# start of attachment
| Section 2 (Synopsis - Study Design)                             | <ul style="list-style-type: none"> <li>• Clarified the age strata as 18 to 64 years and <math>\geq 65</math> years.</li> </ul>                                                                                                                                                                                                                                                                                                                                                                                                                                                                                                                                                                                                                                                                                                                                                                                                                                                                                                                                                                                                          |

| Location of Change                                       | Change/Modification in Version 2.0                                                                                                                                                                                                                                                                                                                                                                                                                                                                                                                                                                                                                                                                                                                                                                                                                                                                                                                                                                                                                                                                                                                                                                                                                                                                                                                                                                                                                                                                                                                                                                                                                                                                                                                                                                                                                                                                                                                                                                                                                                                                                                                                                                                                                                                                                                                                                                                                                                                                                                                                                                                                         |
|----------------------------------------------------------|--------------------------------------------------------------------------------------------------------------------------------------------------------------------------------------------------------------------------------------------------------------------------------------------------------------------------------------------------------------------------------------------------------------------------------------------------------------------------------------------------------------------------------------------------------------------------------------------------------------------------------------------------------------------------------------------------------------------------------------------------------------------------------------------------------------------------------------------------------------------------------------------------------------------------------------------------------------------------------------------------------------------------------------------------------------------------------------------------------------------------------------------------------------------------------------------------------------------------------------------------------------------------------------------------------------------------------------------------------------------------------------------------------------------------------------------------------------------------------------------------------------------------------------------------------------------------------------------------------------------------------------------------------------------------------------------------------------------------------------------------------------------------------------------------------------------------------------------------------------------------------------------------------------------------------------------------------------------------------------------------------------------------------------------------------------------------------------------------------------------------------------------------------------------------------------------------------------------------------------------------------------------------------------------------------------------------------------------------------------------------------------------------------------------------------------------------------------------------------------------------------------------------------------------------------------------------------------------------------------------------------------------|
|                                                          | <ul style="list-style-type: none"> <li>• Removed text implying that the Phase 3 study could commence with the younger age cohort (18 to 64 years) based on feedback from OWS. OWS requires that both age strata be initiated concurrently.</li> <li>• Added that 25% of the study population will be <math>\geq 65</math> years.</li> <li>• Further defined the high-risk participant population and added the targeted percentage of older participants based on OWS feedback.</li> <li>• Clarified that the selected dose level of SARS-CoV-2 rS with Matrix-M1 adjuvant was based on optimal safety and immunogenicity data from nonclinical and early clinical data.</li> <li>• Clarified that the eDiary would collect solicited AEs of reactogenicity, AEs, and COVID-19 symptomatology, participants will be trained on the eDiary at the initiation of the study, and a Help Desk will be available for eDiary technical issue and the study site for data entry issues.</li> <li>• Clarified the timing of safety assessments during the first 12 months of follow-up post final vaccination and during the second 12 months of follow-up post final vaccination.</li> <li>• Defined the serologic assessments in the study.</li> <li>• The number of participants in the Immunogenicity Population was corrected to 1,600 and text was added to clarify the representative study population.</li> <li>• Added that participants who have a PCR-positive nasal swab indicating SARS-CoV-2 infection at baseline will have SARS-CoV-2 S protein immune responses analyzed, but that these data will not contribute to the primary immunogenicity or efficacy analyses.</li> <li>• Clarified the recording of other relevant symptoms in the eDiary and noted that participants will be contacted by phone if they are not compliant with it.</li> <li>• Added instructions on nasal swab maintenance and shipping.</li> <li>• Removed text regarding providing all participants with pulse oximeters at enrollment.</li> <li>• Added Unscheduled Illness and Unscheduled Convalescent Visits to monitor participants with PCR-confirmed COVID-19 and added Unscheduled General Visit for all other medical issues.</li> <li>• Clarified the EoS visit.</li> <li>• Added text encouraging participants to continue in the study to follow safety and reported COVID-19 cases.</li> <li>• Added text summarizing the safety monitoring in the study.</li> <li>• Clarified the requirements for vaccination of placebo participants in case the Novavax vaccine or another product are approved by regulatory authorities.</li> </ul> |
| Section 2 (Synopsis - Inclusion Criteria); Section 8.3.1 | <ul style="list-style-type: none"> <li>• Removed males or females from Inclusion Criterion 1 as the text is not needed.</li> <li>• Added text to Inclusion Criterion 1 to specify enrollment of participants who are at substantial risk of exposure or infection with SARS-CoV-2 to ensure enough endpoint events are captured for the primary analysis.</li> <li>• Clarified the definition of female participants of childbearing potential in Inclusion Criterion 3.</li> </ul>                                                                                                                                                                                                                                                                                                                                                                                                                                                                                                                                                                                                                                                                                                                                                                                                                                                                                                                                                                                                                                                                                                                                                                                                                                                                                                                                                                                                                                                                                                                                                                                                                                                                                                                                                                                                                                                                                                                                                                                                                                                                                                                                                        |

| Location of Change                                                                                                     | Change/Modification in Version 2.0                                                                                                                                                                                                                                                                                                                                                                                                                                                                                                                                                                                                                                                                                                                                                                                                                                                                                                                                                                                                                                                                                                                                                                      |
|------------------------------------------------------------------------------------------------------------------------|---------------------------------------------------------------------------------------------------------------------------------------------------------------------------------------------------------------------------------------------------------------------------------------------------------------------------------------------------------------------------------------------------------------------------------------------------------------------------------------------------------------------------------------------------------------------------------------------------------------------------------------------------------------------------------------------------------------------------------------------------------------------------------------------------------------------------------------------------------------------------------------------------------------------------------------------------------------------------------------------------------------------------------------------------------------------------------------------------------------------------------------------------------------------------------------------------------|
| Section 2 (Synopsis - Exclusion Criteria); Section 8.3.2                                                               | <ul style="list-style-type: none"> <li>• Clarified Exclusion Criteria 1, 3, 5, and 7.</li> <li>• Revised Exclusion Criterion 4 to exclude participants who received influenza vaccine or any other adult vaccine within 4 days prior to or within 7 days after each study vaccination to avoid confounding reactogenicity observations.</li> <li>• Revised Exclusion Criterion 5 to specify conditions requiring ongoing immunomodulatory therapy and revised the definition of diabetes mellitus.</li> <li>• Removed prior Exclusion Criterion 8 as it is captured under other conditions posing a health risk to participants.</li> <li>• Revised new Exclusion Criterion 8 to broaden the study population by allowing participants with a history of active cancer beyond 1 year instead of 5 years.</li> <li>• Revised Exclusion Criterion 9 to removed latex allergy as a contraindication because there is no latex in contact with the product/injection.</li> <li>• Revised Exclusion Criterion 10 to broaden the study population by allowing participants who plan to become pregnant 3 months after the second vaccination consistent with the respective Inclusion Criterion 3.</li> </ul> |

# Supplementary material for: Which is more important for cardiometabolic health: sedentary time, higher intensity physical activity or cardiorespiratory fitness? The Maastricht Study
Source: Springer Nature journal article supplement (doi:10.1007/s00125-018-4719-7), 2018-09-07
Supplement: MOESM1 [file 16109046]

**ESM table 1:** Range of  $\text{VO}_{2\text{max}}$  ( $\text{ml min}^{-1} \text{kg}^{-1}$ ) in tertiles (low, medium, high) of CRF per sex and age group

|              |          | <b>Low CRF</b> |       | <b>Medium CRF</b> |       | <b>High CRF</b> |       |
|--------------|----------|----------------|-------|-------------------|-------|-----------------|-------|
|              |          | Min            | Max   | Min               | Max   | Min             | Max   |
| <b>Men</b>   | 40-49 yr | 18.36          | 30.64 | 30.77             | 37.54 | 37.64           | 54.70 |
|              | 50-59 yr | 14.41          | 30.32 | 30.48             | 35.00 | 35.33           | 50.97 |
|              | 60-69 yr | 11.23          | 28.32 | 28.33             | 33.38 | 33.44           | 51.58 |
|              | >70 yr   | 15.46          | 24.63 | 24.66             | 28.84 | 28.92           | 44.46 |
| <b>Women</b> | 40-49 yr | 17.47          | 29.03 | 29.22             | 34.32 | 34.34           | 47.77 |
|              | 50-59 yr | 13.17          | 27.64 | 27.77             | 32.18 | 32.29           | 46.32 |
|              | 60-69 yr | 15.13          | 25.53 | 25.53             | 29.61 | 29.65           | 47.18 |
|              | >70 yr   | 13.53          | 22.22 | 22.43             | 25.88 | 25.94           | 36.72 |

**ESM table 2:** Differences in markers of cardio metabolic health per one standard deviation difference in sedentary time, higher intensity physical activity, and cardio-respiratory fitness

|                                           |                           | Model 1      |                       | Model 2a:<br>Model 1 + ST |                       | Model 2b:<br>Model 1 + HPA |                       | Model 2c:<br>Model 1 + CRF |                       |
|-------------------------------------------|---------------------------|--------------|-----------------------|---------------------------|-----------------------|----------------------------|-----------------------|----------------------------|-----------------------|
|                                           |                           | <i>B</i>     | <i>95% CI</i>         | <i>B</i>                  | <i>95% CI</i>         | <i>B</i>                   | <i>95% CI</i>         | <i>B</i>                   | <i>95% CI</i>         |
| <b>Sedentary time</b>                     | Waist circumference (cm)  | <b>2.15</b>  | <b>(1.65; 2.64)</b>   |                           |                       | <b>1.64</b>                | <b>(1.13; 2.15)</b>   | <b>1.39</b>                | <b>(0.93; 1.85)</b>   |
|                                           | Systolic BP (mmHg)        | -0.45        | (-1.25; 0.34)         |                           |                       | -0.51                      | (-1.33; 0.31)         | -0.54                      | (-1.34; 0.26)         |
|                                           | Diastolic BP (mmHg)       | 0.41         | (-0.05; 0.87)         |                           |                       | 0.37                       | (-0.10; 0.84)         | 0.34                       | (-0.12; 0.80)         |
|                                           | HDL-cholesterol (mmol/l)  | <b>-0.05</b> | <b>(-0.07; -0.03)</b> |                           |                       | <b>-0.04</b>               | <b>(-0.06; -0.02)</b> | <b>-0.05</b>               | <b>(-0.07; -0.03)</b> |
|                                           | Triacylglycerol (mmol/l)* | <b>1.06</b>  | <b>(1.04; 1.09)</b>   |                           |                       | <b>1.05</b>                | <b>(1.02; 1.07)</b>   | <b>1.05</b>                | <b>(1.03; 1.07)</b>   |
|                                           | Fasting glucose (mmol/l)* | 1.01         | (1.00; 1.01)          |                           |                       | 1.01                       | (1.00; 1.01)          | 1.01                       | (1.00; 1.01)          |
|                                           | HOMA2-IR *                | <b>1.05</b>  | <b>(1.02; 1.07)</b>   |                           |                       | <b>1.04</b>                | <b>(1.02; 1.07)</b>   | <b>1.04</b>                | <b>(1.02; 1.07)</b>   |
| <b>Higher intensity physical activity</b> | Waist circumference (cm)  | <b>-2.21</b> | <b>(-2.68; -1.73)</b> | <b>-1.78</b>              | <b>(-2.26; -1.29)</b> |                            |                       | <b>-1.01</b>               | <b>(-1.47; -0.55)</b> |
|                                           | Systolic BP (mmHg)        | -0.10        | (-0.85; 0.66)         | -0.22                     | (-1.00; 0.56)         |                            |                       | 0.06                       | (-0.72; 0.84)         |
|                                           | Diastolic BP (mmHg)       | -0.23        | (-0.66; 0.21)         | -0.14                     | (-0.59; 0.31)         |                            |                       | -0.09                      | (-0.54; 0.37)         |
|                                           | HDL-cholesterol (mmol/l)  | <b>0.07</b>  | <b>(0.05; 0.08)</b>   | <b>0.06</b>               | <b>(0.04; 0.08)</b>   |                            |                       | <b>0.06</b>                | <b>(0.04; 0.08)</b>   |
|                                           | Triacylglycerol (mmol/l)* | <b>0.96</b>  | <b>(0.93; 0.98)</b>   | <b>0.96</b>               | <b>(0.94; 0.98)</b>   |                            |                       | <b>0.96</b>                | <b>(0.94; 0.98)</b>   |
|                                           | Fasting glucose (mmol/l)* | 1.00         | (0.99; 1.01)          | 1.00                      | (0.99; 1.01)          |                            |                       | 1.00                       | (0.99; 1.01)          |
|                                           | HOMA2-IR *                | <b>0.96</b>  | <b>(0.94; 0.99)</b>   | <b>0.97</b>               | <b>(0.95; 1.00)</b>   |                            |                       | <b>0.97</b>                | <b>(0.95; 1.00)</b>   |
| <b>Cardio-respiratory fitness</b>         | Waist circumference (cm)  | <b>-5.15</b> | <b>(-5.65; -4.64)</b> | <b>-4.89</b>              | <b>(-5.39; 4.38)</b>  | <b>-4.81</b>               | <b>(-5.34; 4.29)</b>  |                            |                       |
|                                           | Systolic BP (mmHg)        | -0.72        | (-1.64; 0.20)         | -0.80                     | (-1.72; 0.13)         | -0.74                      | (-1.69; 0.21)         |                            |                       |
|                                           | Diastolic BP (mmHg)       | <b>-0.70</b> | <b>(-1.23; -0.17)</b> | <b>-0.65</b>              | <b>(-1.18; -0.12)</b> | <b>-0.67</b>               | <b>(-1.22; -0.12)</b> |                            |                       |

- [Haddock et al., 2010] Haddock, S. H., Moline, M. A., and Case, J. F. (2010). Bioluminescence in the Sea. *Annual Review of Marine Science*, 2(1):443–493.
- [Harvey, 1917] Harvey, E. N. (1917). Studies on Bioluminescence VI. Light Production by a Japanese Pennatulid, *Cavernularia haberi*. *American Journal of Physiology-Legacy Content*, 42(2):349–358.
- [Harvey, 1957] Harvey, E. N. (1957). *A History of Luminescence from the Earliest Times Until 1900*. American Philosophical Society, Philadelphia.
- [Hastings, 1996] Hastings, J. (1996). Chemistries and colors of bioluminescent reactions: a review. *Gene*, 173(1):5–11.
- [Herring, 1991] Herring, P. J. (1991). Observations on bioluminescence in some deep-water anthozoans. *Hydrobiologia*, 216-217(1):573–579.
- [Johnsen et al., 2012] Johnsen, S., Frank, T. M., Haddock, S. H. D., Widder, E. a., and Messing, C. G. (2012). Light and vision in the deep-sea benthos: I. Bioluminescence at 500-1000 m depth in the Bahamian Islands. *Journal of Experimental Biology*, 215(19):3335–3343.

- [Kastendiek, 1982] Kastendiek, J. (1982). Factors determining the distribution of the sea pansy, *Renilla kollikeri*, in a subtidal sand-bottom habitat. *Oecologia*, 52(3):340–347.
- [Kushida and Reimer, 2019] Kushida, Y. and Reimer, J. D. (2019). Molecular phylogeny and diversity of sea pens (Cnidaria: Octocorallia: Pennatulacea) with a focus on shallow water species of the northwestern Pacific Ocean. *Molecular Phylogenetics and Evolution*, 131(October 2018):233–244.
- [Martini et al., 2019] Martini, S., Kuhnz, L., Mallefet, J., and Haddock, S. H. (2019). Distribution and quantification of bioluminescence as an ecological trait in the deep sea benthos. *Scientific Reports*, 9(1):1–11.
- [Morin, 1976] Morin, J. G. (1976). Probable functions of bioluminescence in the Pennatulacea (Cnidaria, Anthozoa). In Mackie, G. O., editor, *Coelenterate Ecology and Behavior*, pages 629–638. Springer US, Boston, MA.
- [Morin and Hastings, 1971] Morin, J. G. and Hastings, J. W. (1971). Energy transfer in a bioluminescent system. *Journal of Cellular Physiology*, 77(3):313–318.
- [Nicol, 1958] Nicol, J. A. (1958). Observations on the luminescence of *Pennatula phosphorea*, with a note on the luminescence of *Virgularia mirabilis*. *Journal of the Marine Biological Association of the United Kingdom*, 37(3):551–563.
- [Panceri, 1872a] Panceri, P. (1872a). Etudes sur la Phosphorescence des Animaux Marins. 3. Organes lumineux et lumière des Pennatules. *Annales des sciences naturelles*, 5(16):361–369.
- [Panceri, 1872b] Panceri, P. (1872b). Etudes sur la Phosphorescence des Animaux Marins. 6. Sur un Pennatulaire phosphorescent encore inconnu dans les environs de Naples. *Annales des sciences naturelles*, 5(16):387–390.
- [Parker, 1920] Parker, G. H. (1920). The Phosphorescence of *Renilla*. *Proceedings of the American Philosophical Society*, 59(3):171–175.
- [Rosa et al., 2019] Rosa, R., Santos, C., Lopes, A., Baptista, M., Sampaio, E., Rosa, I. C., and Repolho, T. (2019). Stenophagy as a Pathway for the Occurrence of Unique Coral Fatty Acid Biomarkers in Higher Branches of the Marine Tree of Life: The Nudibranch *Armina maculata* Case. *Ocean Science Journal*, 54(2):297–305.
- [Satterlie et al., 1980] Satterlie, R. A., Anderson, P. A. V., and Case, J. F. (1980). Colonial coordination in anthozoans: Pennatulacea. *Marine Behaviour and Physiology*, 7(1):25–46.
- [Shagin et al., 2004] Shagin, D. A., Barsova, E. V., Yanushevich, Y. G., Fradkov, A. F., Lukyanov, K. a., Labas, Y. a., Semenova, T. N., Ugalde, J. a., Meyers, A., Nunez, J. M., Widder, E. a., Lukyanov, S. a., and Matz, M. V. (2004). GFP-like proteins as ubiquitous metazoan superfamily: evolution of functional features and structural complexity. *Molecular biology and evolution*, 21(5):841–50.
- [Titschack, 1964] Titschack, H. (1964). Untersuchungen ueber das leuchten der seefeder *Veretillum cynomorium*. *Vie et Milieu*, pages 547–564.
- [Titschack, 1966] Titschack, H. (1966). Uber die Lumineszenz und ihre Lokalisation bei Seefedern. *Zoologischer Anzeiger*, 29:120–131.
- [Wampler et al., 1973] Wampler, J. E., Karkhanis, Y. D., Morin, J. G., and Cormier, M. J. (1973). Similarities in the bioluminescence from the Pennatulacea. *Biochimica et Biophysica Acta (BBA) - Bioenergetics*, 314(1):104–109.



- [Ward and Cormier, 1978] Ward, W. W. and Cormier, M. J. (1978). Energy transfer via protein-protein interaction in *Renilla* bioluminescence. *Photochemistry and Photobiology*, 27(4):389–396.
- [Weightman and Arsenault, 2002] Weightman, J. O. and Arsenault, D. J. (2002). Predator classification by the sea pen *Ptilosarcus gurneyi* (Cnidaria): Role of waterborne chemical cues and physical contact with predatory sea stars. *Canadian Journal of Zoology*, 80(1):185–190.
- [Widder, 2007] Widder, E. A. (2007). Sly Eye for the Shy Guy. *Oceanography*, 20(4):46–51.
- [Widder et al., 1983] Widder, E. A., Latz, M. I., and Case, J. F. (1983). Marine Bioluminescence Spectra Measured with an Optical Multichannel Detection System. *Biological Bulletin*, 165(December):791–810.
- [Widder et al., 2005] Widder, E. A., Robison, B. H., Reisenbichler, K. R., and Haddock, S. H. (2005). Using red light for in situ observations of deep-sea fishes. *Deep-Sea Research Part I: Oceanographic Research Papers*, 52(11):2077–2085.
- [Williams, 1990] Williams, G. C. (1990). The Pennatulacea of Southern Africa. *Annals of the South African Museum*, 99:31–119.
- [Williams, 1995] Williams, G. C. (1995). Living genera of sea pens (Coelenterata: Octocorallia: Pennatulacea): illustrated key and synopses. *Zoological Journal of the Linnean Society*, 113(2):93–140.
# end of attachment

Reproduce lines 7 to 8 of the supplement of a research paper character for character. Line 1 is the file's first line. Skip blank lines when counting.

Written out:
|------------------------------------------------------------------------------------------------------------------------|---------------------------------------------------------------------------------------------------------------------------------------------------------------------------------------------------------------------------------------------------------------------------------------------------------------------------------------------------------------------------------------------------------------------------------------------------------------------------------------------------------------------------------------------------------------------------------------------------------------------------------------------------------------------------------------------------------------------------------------------------------------------------------------------------------------------------------------------------------------------------------------------------------------------------------------------------------------------------------------------------------------------------------------------------------------------------------------------------------------------------------------------------------------------------------------------------------|
| Section 2 (Synopsis - Exclusion Criteria); Section 8.3.2                                                               | <ul style="list-style-type: none"> <li>• Clarified Exclusion Criteria 1, 3, 5, and 7.</li> <li>• Revised Exclusion Criterion 4 to exclude participants who received influenza vaccine or any other adult vaccine within 4 days prior to or within 7 days after each study vaccination to avoid confounding reactogenicity observations.</li> <li>• Revised Exclusion Criterion 5 to specify conditions requiring ongoing immunomodulatory therapy and revised the definition of diabetes mellitus.</li> <li>• Removed prior Exclusion Criterion 8 as it is captured under other conditions posing a health risk to participants.</li> <li>• Revised new Exclusion Criterion 8 to broaden the study population by allowing participants with a history of active cancer beyond 1 year instead of 5 years.</li> <li>• Revised Exclusion Criterion 9 to removed latex allergy as a contraindication because there is no latex in contact with the product/injection.</li> <li>• Revised Exclusion Criterion 10 to broaden the study population by allowing participants who plan to become pregnant 3 months after the second vaccination consistent with the respective Inclusion Criterion 3.</li> </ul> |